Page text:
Symptoms of a Torn Arm Muscle

By Michael Hinckley

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In the course of playing several rounds of golf, or even playing with a new set of clubs, it is possible to experience a torn arm muscle. Torn muscles, also known as strained muscles, can occur anytime but are sometimes mistaken for tired or fatigued muscles. Knowing the difference can avoid needless pain and discomfort, but only if you know what to look for in the first place.

Pain

Assess if the arm is in pain. Fatigue is usually not accompanied by pain so if a muscle is painful (whether touched or when used) then your arm probably has a torn muscle.

Swelling

Examine the arm for swelling. Swelling is caused by fluids such as lymph and blood collecting at the point of injury and is a sure sign that something is wrong with your arm and an important indicator of a torn muscle.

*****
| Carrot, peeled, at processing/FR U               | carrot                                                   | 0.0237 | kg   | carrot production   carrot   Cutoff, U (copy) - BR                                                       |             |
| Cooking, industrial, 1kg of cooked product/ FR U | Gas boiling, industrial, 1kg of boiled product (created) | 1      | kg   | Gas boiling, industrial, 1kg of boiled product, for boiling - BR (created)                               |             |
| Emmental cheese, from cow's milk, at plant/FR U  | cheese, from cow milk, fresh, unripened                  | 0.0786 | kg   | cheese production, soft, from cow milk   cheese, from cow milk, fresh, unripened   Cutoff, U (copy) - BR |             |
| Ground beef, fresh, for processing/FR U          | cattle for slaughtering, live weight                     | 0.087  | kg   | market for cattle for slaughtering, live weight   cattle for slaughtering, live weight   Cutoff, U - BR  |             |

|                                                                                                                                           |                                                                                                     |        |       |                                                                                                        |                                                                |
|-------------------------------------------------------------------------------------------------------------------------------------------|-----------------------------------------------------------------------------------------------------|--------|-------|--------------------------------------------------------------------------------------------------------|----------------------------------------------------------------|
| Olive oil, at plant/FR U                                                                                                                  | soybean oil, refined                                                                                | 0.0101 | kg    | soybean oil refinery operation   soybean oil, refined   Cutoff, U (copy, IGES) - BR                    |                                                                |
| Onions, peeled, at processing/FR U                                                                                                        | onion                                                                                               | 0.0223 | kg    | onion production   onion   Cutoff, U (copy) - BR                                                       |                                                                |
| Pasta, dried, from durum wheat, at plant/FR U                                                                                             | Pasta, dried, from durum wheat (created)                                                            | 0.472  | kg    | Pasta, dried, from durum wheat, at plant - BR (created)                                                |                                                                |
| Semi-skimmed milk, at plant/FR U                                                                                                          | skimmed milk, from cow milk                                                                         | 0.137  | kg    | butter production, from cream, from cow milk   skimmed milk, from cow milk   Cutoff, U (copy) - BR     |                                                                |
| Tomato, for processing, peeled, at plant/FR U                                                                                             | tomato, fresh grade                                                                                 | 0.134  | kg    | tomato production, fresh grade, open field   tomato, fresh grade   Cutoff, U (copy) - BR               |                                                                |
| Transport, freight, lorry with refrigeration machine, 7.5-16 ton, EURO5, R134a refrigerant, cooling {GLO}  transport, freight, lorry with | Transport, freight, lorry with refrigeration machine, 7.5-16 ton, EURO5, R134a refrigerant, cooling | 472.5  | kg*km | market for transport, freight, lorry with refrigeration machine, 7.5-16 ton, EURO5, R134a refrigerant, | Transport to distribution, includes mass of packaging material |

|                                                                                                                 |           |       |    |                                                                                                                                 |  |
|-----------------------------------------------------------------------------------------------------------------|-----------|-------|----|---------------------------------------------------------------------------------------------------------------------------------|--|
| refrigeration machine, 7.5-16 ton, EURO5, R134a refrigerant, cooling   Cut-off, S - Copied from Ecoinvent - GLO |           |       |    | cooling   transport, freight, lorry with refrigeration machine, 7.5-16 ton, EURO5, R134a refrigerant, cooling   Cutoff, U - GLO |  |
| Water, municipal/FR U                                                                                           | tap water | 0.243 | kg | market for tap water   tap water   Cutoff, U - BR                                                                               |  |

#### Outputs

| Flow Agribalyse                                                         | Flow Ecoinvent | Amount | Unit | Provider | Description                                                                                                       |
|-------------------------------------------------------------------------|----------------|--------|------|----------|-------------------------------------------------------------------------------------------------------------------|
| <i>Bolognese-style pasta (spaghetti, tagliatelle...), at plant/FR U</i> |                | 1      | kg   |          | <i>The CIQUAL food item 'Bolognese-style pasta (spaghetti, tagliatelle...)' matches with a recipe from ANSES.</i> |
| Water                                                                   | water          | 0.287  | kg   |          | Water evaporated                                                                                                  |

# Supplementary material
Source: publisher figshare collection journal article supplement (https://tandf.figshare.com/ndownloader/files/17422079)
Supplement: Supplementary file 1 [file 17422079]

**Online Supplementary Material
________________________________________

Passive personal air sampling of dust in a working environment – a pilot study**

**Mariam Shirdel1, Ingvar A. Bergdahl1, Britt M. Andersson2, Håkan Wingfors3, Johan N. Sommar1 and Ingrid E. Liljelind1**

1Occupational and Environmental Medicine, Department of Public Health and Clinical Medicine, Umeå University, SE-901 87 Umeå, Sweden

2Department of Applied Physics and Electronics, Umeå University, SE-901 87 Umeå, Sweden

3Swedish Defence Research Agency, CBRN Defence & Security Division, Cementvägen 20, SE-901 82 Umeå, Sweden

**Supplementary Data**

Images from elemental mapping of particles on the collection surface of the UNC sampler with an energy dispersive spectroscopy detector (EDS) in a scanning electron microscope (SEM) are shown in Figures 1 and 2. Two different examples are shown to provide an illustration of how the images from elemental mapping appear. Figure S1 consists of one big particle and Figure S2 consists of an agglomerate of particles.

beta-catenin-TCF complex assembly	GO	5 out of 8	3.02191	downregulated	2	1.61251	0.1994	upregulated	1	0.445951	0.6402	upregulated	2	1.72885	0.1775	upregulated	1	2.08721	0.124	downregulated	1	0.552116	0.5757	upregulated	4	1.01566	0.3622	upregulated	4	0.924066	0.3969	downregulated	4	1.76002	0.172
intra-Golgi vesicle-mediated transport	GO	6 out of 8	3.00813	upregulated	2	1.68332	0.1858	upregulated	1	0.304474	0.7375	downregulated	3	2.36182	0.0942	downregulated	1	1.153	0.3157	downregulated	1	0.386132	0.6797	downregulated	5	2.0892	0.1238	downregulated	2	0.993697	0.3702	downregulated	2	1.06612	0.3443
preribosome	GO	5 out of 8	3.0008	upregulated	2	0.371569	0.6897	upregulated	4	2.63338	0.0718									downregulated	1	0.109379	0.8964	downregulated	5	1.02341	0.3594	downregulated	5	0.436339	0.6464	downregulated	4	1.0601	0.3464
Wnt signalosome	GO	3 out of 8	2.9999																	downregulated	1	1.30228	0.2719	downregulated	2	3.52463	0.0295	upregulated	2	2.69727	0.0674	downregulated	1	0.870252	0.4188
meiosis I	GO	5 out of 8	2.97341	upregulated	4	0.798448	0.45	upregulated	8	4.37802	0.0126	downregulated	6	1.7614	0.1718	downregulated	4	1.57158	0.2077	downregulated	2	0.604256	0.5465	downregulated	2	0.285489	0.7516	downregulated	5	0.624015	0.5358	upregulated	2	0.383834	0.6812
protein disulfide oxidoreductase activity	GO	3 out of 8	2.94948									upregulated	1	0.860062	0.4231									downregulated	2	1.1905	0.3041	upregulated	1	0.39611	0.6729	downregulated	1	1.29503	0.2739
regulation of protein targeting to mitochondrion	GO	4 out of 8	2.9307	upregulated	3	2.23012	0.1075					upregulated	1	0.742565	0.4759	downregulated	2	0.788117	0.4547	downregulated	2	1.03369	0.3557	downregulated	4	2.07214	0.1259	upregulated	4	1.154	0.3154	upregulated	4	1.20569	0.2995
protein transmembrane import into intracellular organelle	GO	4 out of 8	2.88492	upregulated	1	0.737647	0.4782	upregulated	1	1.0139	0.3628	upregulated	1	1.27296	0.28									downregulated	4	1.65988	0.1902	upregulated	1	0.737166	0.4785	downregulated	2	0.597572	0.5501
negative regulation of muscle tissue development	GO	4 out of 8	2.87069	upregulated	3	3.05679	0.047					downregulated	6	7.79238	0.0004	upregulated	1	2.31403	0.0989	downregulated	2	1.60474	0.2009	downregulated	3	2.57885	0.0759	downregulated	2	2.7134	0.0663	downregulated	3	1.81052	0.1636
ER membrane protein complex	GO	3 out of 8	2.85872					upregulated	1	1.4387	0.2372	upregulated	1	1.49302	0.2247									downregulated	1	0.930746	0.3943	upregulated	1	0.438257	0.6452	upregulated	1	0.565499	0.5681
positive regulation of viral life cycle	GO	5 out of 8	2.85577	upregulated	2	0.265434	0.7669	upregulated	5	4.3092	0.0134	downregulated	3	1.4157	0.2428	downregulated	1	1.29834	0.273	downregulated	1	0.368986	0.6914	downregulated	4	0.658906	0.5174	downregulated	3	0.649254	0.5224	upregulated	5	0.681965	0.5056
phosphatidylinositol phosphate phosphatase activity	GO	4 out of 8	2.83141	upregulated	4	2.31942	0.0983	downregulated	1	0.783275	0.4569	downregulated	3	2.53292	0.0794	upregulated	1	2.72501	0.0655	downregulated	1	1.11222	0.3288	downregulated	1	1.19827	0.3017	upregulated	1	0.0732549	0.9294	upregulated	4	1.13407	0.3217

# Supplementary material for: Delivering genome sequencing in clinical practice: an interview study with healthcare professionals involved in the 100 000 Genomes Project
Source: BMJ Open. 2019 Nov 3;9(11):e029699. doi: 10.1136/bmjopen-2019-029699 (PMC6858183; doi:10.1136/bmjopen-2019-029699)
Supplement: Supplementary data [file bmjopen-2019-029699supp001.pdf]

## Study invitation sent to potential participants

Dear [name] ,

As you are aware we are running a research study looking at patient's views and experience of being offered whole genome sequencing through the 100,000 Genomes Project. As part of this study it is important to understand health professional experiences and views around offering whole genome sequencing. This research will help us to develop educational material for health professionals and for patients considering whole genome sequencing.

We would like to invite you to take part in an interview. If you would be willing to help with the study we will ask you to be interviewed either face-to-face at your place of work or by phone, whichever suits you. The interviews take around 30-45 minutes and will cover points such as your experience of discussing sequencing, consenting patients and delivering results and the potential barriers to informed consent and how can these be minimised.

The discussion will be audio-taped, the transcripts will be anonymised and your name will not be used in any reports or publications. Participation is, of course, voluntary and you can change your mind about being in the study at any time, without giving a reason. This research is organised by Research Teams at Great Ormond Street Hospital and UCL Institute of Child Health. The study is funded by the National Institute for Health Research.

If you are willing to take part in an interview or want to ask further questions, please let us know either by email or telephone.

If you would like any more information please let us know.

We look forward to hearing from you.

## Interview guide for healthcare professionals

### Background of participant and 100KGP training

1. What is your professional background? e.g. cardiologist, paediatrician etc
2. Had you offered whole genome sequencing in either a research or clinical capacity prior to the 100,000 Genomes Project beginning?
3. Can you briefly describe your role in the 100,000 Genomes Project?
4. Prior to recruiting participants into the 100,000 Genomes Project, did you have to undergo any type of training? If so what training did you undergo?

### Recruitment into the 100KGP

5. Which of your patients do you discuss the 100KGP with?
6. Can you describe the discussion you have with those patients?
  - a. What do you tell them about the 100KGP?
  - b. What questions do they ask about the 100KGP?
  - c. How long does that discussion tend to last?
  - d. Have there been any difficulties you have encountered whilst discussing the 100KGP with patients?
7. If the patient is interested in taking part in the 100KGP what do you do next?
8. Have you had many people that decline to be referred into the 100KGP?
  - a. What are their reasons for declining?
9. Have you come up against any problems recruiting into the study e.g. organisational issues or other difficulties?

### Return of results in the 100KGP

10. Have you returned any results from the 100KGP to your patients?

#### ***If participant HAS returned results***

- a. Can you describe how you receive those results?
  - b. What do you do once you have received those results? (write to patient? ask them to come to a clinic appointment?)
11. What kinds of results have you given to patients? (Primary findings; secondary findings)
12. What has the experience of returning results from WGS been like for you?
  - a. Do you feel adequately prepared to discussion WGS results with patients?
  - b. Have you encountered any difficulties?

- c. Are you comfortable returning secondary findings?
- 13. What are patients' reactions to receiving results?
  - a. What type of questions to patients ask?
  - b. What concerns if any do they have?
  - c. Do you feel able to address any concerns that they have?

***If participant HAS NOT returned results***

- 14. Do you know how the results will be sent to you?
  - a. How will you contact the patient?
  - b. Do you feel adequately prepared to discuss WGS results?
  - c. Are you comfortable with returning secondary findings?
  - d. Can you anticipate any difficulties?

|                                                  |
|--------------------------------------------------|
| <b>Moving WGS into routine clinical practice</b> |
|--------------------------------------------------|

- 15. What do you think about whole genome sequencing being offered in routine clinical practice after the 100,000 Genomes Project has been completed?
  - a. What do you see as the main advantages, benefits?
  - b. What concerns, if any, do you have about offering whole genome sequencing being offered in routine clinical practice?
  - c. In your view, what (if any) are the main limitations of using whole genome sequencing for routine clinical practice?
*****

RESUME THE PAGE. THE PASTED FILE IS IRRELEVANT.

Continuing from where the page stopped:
Knotting

Examine your arm muscle for "knots" near the effected area. Subconsciously, your body is trying to protect your muscle and is asking other muscles to do work they are not designed to do. The result is a hard "knot" in your injured muscle. This coupled with pain and swelling almost certainly indicates a torn arm muscle.

About the Author

Michael Hinckley received a Bachelor of Arts degree in US history from the University of Cincinnati, a Master of Arts degree in Middle East history from the University of California at Santa Barbara. Hinckley is conversant in Arabic, and is a part-time lecturer at two Midwestern universities.